Joe and Shirley Nathan v. USAA General Indemnity (No. 05-23-00106; May 2, 2024) arose from the homeowners’ property damage claim for roof and interior damage caused by a December 2018 storm. USAA determined that the cost to repair fell below the policy deductible and denied the claim. The homeowners got their own estimate and demanded more than $32,000 in damages and $10,000 in attorney’s fees. When USAA declined to pay, the homeowners filed suit for breach of contract and for an appraisal. The suit dragged on for more than three years until trial was set for October 3, 2022. Ten days before trial, the homeowners filed an amended petition revising their breach of contract claims and asserting new extracontractual claims. They also moved to compel mediation under Chapter 541, Insurance Code, and the DTPA, though they didn’t mention it in their amended petition. Homeowners also did not ask for a hearing on the motion to compel. USAA filed traditional and no-evidence summary judgment motions and set an agreed hearing date of November 17, 2022. Two days prior to the hearing, the homeowners filed for leave to file a late response without explanation. They filed the response and another motion to compel mediation the next day but did not set the motion for hearing. After the hearing on USAA’s summary judgment motions, the trial court denied the homeowners’ leave to file a late response and granted USAA’s no-evidence summary judgment. The homeowners appealed.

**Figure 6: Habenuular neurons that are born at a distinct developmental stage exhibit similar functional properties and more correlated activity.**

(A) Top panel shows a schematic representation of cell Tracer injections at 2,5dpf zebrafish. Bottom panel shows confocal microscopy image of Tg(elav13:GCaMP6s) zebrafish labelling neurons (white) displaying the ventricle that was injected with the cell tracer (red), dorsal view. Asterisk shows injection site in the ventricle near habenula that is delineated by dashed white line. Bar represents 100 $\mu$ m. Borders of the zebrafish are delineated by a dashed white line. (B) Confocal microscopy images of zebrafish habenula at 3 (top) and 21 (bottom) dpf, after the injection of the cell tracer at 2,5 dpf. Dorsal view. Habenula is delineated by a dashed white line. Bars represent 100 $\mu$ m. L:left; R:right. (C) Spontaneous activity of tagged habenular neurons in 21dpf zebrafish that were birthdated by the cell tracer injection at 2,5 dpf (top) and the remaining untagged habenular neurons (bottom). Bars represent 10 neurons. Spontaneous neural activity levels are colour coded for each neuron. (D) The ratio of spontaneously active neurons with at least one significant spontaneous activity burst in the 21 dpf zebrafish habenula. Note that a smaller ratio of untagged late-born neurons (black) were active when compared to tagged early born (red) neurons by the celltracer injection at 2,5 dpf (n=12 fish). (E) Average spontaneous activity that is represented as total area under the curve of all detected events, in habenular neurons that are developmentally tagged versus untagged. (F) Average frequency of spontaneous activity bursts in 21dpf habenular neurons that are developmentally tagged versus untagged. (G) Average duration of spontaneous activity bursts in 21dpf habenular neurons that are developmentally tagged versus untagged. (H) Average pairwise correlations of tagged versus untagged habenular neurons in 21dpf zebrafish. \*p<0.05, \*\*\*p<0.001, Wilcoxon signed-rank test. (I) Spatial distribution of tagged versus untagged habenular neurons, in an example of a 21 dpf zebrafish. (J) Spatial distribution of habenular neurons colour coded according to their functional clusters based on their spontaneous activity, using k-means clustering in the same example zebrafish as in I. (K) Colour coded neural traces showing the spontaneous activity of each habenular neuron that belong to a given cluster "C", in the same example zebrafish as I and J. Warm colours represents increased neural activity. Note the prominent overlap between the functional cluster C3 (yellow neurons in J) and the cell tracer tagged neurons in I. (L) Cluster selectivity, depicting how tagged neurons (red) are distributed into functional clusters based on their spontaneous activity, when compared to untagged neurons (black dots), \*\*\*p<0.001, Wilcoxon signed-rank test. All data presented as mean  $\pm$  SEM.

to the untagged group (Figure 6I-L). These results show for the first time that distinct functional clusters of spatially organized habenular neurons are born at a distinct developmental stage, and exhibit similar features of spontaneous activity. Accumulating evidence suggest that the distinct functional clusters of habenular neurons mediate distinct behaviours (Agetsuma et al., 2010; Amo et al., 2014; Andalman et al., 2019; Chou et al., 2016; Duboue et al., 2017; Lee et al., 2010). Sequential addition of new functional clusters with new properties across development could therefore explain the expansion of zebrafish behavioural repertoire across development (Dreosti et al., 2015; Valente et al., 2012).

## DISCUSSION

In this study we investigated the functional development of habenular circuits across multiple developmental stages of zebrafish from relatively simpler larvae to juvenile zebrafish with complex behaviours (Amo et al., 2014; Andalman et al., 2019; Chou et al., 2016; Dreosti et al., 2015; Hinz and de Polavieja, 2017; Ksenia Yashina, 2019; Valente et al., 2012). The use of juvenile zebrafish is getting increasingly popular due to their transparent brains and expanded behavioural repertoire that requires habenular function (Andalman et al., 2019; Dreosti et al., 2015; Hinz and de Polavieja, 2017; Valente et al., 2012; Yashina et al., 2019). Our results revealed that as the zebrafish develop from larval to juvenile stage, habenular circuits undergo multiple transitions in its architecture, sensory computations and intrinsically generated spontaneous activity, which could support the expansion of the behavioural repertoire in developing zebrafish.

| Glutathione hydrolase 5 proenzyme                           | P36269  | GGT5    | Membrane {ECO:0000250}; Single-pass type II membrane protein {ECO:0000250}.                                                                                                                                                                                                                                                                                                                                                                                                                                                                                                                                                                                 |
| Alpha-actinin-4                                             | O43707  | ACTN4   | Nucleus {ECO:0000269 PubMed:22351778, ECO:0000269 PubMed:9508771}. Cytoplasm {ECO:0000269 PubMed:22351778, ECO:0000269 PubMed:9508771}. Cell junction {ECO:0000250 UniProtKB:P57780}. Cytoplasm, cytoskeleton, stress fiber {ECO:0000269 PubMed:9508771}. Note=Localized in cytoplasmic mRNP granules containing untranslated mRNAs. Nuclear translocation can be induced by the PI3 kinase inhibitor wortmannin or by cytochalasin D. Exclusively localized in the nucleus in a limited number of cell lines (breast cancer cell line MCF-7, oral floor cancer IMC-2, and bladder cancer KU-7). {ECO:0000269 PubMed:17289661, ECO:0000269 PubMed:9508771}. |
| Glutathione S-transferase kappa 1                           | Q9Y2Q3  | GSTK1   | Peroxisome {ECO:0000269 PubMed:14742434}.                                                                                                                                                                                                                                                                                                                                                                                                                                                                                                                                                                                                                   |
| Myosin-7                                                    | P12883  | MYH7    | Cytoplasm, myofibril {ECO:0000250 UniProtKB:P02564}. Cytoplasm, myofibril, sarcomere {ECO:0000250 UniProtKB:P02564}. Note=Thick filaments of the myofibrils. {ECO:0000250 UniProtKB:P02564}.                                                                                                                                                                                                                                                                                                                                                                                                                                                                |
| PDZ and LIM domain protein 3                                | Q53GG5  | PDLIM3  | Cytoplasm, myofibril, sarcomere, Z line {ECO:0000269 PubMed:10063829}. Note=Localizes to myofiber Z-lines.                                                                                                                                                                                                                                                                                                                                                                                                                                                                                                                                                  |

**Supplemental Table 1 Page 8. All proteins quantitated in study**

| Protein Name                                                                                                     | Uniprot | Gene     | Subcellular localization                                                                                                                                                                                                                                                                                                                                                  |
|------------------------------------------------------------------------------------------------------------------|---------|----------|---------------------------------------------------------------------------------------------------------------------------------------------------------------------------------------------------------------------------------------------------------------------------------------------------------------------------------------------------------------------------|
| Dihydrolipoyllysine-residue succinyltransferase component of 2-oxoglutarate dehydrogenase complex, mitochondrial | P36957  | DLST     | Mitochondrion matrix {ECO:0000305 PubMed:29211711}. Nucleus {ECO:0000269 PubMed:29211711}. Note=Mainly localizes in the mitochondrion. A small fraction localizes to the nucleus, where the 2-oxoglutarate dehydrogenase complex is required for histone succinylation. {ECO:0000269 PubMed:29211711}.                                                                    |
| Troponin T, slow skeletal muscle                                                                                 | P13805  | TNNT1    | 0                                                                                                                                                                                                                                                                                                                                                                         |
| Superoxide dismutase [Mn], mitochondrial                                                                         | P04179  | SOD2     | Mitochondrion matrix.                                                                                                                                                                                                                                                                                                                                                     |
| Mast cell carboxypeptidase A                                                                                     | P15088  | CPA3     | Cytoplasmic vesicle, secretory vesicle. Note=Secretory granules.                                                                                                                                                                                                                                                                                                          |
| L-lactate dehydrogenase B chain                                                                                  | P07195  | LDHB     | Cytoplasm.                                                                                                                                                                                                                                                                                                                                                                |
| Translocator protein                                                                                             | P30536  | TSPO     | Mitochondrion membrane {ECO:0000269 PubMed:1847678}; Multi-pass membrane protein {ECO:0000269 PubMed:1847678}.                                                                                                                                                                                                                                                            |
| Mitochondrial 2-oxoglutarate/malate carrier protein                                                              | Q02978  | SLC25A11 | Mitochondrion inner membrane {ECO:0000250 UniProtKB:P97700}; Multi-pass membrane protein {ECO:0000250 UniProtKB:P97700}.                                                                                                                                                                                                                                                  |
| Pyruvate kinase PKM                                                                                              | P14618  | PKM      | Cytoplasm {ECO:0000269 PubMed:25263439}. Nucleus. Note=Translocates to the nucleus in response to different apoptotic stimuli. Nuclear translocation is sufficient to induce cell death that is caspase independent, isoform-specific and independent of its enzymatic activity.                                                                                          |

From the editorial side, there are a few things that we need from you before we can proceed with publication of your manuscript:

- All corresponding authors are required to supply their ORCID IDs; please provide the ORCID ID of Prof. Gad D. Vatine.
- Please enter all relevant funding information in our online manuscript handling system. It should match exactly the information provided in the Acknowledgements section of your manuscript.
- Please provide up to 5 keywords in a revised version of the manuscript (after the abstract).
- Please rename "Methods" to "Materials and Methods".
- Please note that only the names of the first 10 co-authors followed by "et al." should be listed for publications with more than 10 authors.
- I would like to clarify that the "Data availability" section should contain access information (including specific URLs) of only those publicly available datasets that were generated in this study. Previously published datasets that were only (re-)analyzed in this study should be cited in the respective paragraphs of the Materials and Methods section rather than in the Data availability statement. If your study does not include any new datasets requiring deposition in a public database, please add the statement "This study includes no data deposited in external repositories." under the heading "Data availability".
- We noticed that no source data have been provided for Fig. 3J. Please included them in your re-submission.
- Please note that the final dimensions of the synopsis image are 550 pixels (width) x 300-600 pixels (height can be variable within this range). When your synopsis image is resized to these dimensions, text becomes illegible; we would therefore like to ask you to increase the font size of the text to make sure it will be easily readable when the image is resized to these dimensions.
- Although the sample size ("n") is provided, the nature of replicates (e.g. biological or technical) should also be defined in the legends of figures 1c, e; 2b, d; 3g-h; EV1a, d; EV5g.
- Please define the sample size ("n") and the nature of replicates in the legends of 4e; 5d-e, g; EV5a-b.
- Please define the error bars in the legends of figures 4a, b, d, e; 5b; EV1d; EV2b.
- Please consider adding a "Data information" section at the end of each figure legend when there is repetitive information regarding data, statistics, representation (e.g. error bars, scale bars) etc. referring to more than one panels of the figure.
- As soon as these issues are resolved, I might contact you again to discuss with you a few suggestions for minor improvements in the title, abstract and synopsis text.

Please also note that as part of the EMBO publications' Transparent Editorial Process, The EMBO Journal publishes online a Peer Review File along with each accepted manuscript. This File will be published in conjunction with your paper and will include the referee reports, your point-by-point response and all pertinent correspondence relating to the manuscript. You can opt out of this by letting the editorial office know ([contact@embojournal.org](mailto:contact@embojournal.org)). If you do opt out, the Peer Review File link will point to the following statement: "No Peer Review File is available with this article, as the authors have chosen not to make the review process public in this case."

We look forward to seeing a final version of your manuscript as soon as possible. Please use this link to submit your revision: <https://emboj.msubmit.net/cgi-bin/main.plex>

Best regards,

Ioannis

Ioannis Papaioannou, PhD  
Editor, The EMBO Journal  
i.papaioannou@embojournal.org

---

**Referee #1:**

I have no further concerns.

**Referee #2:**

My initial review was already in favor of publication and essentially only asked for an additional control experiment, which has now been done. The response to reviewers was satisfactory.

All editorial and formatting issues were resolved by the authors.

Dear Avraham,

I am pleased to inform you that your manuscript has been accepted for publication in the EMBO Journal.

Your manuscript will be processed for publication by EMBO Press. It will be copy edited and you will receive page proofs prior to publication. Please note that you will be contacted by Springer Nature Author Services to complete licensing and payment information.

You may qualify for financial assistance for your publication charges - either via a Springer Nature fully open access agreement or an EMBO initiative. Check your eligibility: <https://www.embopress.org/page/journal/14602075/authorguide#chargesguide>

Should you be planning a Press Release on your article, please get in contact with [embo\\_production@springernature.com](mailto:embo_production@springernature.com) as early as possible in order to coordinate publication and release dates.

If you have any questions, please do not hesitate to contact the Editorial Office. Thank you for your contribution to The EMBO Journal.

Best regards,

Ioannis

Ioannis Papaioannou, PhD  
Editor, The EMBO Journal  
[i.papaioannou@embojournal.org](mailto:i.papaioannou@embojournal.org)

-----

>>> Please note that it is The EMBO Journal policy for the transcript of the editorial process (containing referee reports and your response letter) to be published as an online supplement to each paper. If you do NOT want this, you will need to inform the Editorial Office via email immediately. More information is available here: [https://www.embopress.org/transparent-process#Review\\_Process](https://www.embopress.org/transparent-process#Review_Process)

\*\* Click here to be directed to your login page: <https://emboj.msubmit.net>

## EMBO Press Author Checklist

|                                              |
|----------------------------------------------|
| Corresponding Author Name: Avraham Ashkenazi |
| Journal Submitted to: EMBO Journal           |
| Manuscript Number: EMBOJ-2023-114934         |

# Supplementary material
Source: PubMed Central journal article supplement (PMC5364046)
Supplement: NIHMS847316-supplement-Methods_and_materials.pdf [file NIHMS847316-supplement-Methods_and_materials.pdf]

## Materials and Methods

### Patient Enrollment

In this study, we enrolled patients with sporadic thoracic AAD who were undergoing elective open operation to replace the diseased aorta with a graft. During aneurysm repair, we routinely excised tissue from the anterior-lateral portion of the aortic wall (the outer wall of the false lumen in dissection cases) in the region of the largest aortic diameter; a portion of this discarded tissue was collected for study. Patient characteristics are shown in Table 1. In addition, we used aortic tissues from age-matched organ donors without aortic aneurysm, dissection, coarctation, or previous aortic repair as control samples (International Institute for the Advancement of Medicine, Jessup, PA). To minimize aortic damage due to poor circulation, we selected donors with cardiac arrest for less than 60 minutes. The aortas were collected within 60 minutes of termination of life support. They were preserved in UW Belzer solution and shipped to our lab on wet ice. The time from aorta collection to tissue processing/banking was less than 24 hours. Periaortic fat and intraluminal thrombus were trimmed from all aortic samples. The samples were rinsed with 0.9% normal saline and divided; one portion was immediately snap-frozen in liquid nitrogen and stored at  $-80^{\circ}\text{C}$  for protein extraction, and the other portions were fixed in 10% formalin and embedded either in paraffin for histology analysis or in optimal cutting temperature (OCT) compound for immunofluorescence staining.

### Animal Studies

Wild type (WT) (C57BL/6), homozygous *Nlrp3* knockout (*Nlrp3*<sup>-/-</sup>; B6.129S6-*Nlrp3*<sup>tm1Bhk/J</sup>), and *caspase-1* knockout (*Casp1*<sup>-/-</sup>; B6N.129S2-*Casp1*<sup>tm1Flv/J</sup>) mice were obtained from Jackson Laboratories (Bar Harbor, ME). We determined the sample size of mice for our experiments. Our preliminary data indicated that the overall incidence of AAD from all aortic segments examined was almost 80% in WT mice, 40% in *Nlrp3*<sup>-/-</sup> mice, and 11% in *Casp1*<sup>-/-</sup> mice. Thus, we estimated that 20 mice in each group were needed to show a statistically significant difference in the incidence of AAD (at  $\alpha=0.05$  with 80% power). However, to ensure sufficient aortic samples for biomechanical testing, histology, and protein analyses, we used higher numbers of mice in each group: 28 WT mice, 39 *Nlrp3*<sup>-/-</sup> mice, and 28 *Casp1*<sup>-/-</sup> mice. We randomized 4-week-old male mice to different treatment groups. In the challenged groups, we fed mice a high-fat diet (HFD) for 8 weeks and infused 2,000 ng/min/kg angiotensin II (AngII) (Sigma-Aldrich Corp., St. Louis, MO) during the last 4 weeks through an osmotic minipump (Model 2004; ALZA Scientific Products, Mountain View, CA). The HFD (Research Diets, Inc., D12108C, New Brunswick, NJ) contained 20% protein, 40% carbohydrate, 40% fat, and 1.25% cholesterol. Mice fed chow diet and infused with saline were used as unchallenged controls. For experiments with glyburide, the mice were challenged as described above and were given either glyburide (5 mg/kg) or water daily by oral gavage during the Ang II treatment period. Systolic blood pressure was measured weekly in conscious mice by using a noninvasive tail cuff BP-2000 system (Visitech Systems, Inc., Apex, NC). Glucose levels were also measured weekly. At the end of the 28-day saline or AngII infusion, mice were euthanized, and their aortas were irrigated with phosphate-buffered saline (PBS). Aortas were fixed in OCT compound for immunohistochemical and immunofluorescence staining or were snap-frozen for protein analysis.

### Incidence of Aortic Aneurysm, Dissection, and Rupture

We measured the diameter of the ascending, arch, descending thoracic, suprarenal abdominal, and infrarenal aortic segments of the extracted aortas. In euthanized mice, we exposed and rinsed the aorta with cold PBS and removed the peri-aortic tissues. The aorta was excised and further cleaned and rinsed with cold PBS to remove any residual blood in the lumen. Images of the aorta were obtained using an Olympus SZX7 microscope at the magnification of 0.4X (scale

In an opinion by Justice Breedlove, the court of appeals affirmed. First, the court held that the homeowners failed to show that their failure to timely file for leave to file a late summary judgment response “(1) was not intentional or the result of conscious indifference, but the result of accident or mistake, and (2) that allowing the late response will occasion no undue delay or otherwise injure the party seeking summary judgment” (citation omitted). The trial court thus did not abuse its discretion by denying the motion. Second, since the homeowners did not set their motions to compel mediation for hearing, they never got a trial court ruling and thus presented the court of appeals with nothing to review on that issue. Strike two. Third, as to the homeowners’ contention that the trial court erred by granting USAA’s summary judgment motion, the homeowners failed to produce more than a scintilla of probative evidence to raise a fact issue on any element of their alleged causes of action. Strike three.

This case clearly didn’t have a leg to stand on from the get-go and should never have ended up taking more than five years to resolve. About three years of this time passed by in appraisal and discovery, an extended process that produced zero in the way of evidence that USAA did anything other than follow the policy provisions. Surely there has to be a better way in cases like this one.

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